acute mesenteric arterial thrombosis
  • Late complication of preexisting visceral atherosclerosis
  • Symptoms do not develop until 2 of 3 arteries are stenosed or completely blocked
  • Slow process of atherosclerotic stenosis before acute occlusion allows time for development of collateral circulation
  • Thrombus formation results in acute cessation of blood flow to GIT resulting initially in mucosal ischaemia and necrosis causing bloody stools
  • Bowel wall also becomes necrotic leading to bacterial overgrowth and bowel perforation, sepsis and death
  • Patients usually have history of atherosclerotis at other sites (eg, CAD, strokes, PVD) or other vascular disease (Aortic Aneurysms, dissections, trauma)
  • Drops in cardiac output after MI, CCF may cause AMI in pre-existing visceral atherosclerosis
  • Patients frequently present with history of chronic mesenteric ischemia and symptoms of intestinal angina before acute event
nonocclusive mesenteric ischemia
  • Precipitated by severe reduction in mesenteric perfusion secondary to arterial spasm or decreased cardiac output
  • Causes:
    • Cardiac failure
    • Shock
    • Use of potent vasopressors in critically ill patients
  • Bowel perfusion, like cerebral perfusion, is preserved in hypotension therefore NOMI represents a failure of autoregulation
  • Vasoactive drugs (eg, digitalis, cocaine, diuretics, and vasopressin) may also cause regional vasoconstriction
  • Gross pathologic arterial or venous occlusions are not observed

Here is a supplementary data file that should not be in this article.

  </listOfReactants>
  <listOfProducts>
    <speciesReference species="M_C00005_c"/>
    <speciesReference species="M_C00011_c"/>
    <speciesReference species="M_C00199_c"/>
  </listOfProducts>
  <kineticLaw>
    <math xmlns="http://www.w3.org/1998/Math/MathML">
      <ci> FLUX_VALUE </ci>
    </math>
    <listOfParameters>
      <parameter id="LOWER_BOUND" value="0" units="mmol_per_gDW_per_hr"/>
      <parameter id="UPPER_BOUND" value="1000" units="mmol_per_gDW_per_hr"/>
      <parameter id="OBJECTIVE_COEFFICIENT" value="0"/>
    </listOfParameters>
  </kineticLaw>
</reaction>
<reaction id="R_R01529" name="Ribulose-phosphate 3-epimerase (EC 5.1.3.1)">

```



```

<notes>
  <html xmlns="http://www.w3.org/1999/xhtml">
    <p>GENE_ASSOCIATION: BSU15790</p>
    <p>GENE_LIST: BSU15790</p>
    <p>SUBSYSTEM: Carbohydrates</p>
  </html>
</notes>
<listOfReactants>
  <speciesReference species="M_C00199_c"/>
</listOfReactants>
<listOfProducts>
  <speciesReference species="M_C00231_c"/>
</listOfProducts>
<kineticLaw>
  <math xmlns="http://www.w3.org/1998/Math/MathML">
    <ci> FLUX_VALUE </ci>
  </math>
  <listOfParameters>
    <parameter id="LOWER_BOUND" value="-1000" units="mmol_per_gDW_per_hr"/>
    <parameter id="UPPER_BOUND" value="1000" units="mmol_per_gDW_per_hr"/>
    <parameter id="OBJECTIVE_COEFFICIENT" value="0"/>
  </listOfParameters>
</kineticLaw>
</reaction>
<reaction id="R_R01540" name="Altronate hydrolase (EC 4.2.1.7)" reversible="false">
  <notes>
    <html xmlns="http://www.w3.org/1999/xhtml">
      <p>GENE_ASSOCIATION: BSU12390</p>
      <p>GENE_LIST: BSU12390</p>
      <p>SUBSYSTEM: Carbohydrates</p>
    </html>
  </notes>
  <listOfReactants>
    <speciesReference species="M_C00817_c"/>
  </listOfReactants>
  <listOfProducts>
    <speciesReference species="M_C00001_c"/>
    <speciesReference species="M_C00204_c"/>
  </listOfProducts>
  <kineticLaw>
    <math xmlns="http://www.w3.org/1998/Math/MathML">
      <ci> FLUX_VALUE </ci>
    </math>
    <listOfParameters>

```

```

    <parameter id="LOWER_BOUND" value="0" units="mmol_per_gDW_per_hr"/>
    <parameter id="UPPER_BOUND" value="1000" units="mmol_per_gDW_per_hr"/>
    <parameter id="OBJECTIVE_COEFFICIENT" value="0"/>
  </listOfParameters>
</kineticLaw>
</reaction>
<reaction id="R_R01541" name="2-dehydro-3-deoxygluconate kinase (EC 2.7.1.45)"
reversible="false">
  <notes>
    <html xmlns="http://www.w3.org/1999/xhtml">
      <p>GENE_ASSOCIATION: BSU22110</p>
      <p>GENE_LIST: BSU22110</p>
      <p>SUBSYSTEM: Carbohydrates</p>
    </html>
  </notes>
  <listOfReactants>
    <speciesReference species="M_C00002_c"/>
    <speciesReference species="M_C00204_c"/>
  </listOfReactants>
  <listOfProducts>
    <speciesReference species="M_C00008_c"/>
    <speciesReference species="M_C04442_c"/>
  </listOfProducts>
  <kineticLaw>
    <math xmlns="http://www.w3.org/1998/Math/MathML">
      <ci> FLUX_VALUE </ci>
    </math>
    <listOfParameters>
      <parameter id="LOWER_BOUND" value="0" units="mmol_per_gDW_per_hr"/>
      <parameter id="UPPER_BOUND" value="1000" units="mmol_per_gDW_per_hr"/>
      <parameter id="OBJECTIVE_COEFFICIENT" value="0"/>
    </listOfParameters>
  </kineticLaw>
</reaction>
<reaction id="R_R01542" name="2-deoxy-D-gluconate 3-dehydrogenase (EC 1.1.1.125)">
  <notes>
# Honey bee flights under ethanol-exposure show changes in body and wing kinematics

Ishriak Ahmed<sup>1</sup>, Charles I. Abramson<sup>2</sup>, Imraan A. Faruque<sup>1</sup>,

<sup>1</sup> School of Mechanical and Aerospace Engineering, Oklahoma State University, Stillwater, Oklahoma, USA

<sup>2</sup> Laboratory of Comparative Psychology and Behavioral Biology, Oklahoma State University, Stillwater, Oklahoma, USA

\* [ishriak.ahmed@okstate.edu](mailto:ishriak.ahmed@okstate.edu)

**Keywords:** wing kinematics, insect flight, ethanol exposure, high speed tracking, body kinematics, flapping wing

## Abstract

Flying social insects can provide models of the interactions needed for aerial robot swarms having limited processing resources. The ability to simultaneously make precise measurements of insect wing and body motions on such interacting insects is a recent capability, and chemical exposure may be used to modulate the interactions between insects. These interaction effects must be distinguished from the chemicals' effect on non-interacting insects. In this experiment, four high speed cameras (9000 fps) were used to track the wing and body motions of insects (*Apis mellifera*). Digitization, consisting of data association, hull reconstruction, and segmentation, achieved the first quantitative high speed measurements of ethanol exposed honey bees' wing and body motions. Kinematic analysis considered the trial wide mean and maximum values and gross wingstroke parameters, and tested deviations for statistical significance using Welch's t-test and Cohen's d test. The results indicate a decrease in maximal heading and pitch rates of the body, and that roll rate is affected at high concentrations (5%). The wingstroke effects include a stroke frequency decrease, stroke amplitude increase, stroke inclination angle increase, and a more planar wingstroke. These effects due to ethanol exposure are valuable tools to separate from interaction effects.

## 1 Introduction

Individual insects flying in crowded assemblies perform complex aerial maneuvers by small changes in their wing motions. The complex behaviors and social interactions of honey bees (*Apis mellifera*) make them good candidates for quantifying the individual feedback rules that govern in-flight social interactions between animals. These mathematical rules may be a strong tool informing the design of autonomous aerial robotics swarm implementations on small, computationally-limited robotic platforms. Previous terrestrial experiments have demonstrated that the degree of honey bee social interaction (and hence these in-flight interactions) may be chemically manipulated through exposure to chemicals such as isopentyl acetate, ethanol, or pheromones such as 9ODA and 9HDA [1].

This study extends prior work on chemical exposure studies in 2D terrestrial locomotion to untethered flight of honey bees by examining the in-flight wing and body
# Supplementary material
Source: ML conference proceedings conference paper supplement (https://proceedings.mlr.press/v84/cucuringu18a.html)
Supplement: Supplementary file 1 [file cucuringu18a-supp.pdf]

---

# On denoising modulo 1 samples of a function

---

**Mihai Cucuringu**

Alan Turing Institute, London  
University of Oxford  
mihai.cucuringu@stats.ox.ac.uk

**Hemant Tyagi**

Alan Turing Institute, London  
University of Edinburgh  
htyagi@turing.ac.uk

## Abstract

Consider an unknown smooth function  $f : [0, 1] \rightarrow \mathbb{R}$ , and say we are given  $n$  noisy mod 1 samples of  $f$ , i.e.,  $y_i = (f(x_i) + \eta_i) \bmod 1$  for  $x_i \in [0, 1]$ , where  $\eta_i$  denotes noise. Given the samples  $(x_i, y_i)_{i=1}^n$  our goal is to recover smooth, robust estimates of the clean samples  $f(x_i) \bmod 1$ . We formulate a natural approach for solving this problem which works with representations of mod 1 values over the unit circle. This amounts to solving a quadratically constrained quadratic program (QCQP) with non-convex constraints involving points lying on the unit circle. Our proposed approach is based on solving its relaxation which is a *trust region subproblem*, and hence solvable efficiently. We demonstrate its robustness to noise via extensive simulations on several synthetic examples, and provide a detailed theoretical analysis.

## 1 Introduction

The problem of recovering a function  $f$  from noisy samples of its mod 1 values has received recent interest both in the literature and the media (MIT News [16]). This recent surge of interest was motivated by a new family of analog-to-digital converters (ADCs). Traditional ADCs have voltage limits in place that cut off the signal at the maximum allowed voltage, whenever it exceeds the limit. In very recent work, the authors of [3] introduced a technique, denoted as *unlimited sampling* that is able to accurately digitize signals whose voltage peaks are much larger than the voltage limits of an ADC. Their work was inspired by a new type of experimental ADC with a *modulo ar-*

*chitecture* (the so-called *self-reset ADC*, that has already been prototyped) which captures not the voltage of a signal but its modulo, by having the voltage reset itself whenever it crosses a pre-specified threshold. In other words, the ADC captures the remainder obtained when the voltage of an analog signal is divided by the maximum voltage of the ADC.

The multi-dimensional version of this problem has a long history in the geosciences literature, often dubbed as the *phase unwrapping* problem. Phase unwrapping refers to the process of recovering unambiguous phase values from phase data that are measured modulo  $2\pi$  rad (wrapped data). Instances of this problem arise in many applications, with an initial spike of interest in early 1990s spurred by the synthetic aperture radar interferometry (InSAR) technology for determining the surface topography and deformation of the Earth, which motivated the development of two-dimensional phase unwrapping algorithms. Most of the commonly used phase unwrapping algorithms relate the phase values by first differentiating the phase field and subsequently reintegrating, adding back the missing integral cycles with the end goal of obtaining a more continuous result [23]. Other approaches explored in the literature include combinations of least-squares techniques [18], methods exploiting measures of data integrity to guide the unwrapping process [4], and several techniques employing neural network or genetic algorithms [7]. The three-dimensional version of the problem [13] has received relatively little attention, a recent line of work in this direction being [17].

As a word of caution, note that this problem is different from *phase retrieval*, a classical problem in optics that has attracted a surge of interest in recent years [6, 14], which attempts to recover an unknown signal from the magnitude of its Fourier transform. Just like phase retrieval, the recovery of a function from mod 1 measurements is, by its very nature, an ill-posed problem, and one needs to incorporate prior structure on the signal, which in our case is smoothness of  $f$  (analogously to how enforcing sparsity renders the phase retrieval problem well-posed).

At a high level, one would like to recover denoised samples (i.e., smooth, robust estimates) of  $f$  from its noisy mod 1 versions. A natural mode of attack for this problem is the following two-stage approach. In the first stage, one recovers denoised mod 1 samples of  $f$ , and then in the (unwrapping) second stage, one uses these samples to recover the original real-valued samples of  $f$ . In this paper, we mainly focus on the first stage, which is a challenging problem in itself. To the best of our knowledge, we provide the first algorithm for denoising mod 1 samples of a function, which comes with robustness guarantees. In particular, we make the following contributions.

mesenteric venous thrombosis
  • Secondary MVT -!>80% result of processes that predispose patients to form clot in mesenteric circulation
  • Primary MVT occurs in the absence of any identifiable predisposing factor
  • Causes:
    • Malignancy
    • Blood disorders - Sickle cell disease, Protein C & S deficiency
    • Post surgery - after ligation of the splenic vein, portal vein or SMV
  • Mechanism for ischemia is a massive influx of fluid into the bowel wall and lumen, resulting in systemic hypovolemia and haemoconcentration
  • Subsequent bowel edema and decreased venous outflow impedes inflow of arterial blood and leads to bowel ischemia
  • Much younger population
mesenteric venous thrombosis1
  • Symptoms may be present longer
  • Infarction rarely observed with isolated SMV thrombosis, unless collateral flow in peripheral arcades or vasa recta is also affected
  • Fluid sequestration and bowel wall edema are more pronounced than in arterial occlusion
  • Colon rarely involved due to good callateral supply
  • Abu-Daff et al - 30-day mortality in these patients was strongly linked to colonic involvement in ischemia and to short-bowel syndrome.[26] Lack of anticoagulation also may have been a factor. The 5-year mortality, according to the investigators, was primarily related to short-bowel syndrome.
  • All-cause mortality 71% (59-93%)
  • Once bowel wall infarction has occurred the mortality is as high as 90%
  • Survivors have a high risk of rethrombosis and poor QOL due to short-gut syndrome
  • Predictors of mortality: older age, hepatic and renal impairment, metabolic acidosis, hypoxia, intramural pneumatosis, and sepsis
  • Mortality is highest for thrombotic AMI followed by NOMI, embolic AMI and venous thrombotic AMI
  • Early and aggressive diagnosis and treatment shown to reduce mortality if diagnosis made before onset of peritonitisis
  • Madrid study - described 21 patients with SMA embolus
    • Intestinal viability achieved in 100% of patients if symptoms <12 hours, 56% if <12-24 hours, and 18% if > 24 hour